Always a favourite for the kids to take home!

Leaf art animals

So clever. There are lots of different animals on the site (the elephant is very cute too!). Will make a lovely arty addition to our plants display.

That's my Five for Friday! If you have any other great ideas for our plant unit or if you have tried some of these and have some advice, then please leave a comment below.

Have a great weekend!

Wednesday, 21 May 2014

Wordless Wednesday


Thank you Christina at Sugar and Spice!

I LOVE The Literacy Shed for great animations to get the kids talking and writing in my classroom. It's perfect for Big Writing prompts on a Friday! This animation is called 'Don't Go' and it is wordless!

This is in the Great Animations Shed. Just scroll down a little to watch it.
My question for you is:

How would YOU use this animation in your classroom? What would you get your class talking or writing about?

Have a good week!

Monday, 19 May 2014

Back to basics with addition and subtraction

I've taught my class to add and subtract using lots of different strategies throughout the year but still felt there were some children who didn't have one completely secure strategy for solving addition and subtraction problems.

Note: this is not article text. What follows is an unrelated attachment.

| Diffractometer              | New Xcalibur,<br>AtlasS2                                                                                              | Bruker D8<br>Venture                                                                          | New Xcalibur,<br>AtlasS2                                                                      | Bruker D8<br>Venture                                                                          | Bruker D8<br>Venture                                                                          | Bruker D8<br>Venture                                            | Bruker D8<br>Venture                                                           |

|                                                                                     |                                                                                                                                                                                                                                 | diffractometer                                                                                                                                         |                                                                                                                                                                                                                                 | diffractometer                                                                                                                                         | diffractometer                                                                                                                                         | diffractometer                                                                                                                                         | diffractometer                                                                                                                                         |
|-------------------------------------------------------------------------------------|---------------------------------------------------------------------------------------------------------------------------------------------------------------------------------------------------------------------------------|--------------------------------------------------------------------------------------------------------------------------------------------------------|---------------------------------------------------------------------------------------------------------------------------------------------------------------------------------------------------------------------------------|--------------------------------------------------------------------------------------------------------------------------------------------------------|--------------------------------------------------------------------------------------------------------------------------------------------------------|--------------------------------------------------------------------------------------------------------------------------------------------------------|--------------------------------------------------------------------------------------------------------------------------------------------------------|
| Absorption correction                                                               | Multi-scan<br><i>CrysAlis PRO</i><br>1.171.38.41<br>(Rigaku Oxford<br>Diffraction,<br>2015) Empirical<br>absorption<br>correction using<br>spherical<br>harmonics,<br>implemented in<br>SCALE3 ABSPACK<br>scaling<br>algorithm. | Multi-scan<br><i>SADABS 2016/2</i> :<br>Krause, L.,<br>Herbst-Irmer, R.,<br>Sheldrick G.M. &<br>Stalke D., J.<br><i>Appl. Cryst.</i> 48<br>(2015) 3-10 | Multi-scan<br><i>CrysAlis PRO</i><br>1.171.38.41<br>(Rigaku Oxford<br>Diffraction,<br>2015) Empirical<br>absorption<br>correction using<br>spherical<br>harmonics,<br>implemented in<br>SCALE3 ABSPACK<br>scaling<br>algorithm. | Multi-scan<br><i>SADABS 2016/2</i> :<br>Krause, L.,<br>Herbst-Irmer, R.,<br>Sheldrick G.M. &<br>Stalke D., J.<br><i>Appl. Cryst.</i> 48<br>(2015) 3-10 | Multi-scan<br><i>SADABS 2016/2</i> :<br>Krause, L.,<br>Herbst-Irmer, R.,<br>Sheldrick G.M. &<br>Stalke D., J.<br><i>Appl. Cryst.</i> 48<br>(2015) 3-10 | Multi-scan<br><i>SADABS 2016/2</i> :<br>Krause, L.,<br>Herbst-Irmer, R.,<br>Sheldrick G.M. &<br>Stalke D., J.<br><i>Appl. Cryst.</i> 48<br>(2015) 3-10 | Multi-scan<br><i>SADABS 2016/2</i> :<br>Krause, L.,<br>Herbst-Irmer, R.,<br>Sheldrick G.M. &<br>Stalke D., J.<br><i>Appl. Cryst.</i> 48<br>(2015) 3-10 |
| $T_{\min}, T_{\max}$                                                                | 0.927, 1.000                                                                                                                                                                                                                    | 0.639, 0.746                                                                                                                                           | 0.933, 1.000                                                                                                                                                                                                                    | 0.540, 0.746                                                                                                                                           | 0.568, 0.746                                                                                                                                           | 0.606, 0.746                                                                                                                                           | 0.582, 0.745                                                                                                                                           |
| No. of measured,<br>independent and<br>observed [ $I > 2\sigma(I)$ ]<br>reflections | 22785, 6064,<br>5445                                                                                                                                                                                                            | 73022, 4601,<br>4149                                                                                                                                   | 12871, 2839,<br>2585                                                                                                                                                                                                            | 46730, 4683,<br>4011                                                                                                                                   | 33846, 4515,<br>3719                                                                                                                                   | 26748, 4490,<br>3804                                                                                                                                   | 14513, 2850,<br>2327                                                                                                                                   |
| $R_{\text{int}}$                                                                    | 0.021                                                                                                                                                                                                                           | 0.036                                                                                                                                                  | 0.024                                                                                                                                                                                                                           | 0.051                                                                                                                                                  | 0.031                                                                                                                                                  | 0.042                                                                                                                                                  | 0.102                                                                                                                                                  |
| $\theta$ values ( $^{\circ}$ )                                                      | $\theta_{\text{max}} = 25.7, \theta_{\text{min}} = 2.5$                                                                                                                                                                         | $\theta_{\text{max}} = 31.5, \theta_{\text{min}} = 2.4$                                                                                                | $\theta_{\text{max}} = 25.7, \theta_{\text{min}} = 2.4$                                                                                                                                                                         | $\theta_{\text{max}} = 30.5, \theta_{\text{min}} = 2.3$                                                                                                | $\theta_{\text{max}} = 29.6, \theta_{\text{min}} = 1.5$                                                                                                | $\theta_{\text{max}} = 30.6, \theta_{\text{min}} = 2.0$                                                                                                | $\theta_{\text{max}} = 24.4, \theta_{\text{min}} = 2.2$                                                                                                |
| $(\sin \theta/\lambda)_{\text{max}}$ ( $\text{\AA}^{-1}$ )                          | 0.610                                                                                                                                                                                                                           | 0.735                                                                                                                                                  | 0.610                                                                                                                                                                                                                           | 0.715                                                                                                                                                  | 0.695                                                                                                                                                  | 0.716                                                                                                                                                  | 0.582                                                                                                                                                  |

I decided to go right back to basics and make sure that we could all add using the dienes equipment and that everyone felt really secure using this. I think I am guilty (having moved from teaching 10-11 year olds to 6-7 year olds) of assuming the children know how to use the maths equipment I give them and don't actually teach them how to use it sometimes!

I made some Tens and Units (or Tens and Ones) frames to use (see my freebies section) and off we went...

I started off by modelling how to play a simple 'build it' game using the visualiser. They rolled the dice to generate numbers to add and aimed for different totals depending on how confident they were. Some used 0-9 dice and just added ones each time and others used the place value dice to add bigger numbers. They loved making this a game by winning if they were the one to roll the number that hit (or took them over) their target number!

I kept stopping them to model again and pulled groups or pairs who were struggling to work with me using the magnetic dienes on my flipchart.